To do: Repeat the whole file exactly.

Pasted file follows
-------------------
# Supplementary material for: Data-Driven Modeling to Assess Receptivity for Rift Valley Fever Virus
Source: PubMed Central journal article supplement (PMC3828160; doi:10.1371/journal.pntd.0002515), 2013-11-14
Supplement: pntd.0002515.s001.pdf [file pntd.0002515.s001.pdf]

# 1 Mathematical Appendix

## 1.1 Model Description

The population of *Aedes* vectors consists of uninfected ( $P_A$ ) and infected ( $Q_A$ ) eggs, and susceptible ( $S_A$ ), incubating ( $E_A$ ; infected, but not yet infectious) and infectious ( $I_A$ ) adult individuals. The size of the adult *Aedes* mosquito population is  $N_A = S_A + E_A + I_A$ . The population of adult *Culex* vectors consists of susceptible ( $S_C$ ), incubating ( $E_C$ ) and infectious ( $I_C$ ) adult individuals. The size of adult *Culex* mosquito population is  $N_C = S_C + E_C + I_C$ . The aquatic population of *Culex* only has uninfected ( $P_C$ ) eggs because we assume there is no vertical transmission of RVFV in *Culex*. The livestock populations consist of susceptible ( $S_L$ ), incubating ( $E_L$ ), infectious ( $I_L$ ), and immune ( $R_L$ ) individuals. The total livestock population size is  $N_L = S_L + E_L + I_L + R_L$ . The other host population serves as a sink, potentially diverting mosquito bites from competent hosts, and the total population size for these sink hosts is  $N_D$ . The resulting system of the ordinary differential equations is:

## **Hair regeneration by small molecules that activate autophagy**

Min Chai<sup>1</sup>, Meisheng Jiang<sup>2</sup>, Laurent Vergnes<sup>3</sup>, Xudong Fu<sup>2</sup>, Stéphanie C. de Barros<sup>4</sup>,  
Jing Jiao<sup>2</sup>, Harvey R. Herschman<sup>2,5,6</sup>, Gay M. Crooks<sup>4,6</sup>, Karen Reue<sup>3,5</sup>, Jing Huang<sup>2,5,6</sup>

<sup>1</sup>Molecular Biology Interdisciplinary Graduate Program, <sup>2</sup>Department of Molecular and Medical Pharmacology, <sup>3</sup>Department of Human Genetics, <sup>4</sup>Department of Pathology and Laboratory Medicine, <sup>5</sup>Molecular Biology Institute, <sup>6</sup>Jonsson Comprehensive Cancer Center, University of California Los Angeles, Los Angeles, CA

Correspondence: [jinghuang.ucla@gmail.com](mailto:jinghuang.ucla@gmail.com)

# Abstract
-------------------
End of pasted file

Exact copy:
# Supplementary material for: Data-Driven Modeling to Assess Receptivity for Rift Valley Fever Virus
Source: PubMed Central journal article supplement (PMC3828160; doi:10.1371/journal.pntd.0002515), 2013-11-14
Supplement: pntd.0002515.s001.pdf [file pntd.0002515.s001.pdf]

# 1 Mathematical Appendix

## 1.1 Model Description

The population of *Aedes* vectors consists of uninfected ( $P_A$ ) and infected ( $Q_A$ ) eggs, and susceptible ( $S_A$ ), incubating ( $E_A$ ; infected, but not yet infectious) and infectious ( $I_A$ ) adult individuals. The size of the adult *Aedes* mosquito population is  $N_A = S_A + E_A + I_A$ . The population of adult *Culex* vectors consists of susceptible ( $S_C$ ), incubating ( $E_C$ ) and infectious ( $I_C$ ) adult individuals. The size of adult *Culex* mosquito population is  $N_C = S_C + E_C + I_C$ . The aquatic population of *Culex* only has uninfected ( $P_C$ ) eggs because we assume there is no vertical transmission of RVFV in *Culex*. The livestock populations consist of susceptible ( $S_L$ ), incubating ( $E_L$ ), infectious ( $I_L$ ), and immune ( $R_L$ ) individuals. The total livestock population size is  $N_L = S_L + E_L + I_L + R_L$ . The other host population serves as a sink, potentially diverting mosquito bites from competent hosts, and the total population size for these sink hosts is  $N_D$ . The resulting system of the ordinary differential equations is:

## **Hair regeneration by small molecules that activate autophagy**

Min Chai<sup>1</sup>, Meisheng Jiang<sup>2</sup>, Laurent Vergnes<sup>3</sup>, Xudong Fu<sup>2</sup>, Stéphanie C. de Barros<sup>4</sup>,  
Jing Jiao<sup>2</sup>, Harvey R. Herschman<sup>2,5,6</sup>, Gay M. Crooks<sup>4,6</sup>, Karen Reue<sup>3,5</sup>, Jing Huang<sup>2,5,6</sup>

<sup>1</sup>Molecular Biology Interdisciplinary Graduate Program, <sup>2</sup>Department of Molecular and Medical Pharmacology, <sup>3</sup>Department of Human Genetics, <sup>4</sup>Department of Pathology and Laboratory Medicine, <sup>5</sup>Molecular Biology Institute, <sup>6</sup>Jonsson Comprehensive Cancer Center, University of California Los Angeles, Los Angeles, CA

Correspondence: [jinghuang.ucla@gmail.com](mailto:jinghuang.ucla@gmail.com)

# Abstract